by trailing her back through the one hundred cycles she has coursed around the earth
since the first century A.D., from 1930 to 30 A.D.--and similar intervals of time.
Today we can learn from a standard almanac the moons position in her orbit;
when she is fast and when she is slow; when she is near the earth, and when she is far
away; when north of the ecliptic--the apparent course of the sun--and when south. Her
very same performance has been determined for the first century, and her position in
the sky mapped out in the time of Christ. The difficulty, we would emphasise, does
not lie in a variation of these lunar tables which astronomy offers to the field of
research in the twentieth century.
Factor 4. Before the cause of the numerous dates offered for the crucifixion
can be understood--and the several years, 28 to 35 A.D., are by different writers
considered possible-- the early history of the change from Passover to Easter must be
taken note of. Almost contemporaneously, both Jews and Christians were striving to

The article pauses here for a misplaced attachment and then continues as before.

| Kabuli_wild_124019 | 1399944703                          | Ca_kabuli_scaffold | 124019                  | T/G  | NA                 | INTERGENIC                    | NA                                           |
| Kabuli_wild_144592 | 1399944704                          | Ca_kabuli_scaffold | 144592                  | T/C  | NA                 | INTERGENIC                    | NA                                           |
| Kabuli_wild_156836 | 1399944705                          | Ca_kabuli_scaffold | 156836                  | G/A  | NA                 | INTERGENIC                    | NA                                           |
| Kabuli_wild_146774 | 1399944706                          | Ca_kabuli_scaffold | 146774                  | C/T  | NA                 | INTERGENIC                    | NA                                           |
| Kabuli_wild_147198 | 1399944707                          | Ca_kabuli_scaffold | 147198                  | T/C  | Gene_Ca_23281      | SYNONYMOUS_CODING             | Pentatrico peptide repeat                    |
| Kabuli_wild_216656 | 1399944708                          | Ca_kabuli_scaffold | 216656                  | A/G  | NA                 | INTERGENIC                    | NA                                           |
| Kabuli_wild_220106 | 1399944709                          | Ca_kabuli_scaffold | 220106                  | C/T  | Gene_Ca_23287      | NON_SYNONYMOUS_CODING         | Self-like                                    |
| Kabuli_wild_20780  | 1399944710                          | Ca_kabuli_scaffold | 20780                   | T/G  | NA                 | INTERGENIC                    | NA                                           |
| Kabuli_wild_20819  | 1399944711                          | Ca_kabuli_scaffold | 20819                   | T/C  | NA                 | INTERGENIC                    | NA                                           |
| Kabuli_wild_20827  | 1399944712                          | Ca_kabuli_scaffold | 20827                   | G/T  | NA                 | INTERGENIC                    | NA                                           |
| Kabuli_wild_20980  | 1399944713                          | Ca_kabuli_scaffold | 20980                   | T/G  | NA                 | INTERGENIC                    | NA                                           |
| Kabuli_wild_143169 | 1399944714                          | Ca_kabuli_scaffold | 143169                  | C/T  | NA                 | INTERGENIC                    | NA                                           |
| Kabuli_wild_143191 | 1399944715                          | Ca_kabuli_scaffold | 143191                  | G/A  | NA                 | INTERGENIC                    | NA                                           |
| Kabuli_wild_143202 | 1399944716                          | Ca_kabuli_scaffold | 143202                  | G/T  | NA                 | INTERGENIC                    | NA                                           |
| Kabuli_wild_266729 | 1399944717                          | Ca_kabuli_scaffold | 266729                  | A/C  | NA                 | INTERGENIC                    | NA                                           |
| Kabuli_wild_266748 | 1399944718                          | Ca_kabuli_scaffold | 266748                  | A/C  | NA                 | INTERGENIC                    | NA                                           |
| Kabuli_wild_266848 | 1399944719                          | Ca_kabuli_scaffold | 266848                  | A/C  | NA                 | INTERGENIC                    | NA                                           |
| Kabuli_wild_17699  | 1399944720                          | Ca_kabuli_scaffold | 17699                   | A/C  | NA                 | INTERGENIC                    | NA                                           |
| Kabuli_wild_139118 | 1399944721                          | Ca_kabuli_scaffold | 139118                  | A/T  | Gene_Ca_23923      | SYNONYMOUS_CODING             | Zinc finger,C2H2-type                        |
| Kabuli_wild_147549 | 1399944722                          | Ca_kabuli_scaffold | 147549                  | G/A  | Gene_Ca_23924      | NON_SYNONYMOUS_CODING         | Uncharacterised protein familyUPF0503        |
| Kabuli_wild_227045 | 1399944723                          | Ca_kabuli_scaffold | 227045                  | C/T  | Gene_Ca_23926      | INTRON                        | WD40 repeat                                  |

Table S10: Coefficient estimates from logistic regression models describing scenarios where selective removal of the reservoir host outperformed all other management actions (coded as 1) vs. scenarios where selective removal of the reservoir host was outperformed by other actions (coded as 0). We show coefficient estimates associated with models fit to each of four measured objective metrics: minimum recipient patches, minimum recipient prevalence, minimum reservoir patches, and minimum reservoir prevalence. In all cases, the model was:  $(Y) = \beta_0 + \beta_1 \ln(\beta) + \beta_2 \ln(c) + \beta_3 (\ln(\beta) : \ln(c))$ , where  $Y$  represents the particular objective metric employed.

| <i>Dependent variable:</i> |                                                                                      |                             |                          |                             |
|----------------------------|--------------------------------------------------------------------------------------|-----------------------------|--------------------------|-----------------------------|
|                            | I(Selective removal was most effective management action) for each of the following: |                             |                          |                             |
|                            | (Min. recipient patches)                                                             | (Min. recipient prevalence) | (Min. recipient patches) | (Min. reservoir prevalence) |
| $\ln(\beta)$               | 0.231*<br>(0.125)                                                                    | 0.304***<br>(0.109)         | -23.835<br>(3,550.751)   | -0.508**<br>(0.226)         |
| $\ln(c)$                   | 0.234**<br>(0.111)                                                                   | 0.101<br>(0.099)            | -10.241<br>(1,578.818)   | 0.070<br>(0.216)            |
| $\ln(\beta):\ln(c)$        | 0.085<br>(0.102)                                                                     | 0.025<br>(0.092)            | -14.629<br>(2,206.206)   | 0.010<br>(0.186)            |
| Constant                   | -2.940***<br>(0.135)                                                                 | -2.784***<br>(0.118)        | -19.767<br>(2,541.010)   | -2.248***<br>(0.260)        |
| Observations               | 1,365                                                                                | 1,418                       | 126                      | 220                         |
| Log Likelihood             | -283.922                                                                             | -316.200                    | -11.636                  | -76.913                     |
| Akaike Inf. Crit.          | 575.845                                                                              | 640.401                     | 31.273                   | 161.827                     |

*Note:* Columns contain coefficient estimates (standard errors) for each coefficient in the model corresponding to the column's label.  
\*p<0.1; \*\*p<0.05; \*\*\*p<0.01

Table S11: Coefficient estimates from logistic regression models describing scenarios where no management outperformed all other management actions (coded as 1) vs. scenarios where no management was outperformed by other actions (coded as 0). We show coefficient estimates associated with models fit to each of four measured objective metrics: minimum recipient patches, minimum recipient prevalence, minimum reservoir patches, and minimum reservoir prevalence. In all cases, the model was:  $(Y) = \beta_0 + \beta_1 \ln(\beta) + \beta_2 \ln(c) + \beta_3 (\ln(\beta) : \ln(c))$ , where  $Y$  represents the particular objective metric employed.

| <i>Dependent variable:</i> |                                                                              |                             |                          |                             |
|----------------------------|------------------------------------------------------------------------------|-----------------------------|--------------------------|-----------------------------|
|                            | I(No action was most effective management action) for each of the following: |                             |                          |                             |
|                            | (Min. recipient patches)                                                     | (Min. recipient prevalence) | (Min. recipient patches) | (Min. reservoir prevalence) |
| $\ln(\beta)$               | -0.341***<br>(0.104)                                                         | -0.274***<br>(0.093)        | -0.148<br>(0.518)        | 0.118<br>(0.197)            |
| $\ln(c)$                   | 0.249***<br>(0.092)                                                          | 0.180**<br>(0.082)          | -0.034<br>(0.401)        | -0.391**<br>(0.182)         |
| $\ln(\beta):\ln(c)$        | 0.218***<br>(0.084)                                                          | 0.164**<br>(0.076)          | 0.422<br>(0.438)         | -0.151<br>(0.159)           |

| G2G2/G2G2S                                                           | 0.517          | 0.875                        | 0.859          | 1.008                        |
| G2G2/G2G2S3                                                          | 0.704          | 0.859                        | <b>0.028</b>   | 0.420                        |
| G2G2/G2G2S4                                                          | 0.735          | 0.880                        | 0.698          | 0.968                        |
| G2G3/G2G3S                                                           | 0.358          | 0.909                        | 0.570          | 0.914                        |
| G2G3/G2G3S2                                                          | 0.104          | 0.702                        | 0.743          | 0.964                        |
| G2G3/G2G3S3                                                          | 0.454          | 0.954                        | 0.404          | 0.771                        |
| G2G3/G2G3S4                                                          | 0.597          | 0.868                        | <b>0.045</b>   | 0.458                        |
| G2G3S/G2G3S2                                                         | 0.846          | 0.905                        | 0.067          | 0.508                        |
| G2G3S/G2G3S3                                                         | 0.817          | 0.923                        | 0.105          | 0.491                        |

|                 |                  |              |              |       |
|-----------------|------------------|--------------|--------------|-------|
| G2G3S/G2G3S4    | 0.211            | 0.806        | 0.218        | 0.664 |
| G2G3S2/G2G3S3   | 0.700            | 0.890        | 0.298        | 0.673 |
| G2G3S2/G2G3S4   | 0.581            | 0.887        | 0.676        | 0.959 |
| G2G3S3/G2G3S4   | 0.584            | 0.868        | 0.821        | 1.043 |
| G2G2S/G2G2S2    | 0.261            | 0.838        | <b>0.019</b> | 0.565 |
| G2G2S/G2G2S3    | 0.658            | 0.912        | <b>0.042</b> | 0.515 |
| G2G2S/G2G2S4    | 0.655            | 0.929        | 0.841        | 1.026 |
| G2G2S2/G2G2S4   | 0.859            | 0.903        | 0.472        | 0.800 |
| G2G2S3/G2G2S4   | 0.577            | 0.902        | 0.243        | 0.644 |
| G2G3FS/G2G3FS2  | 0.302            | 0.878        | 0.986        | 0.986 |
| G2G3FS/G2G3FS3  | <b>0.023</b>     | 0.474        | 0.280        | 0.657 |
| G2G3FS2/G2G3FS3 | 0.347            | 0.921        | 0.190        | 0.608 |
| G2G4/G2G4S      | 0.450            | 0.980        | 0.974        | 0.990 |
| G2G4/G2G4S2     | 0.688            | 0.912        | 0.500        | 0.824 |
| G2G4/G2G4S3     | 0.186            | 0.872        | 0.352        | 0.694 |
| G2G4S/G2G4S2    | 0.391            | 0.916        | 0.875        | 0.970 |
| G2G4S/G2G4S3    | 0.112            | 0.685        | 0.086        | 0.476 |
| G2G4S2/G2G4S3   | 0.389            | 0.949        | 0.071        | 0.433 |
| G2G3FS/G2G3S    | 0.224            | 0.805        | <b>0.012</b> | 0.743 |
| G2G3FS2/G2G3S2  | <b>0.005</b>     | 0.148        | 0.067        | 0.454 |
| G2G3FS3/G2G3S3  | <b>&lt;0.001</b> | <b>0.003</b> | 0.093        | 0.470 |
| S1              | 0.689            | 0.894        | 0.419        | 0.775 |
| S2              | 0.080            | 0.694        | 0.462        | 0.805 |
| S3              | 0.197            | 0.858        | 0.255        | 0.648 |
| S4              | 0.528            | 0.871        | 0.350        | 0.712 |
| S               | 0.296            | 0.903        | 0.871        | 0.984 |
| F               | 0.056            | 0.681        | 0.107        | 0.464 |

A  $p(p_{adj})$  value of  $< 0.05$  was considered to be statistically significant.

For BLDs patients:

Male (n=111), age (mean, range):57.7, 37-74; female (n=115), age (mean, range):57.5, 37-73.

fix their methods of marking time.
2
Because they had been scattered by Romes
persecution, and could no longer observe the moon, and flash their fire signals from
mountain to mountain to proclaim the new month, the Jews felt compelled to compute
a fixed calendar. The early councils of the Christian church, convened by the state,
were likewise seeking the prerogative of regulating the calendar, which function had
formerly been assumed by the ancient pontifex maximus of Rome. Mar-Samuel of
Narhardea,
3
in the third century, pioneered a computed calendar for the Jews; and the
Council of Nicea in 325 A.D. did the same for the Church. In the end, both the Jewish
patriarch and the pope kept the charge, the one for Jewry, and the other for
Christendom. But the ecclesiastical Council of Nicaea dictated a change in the time of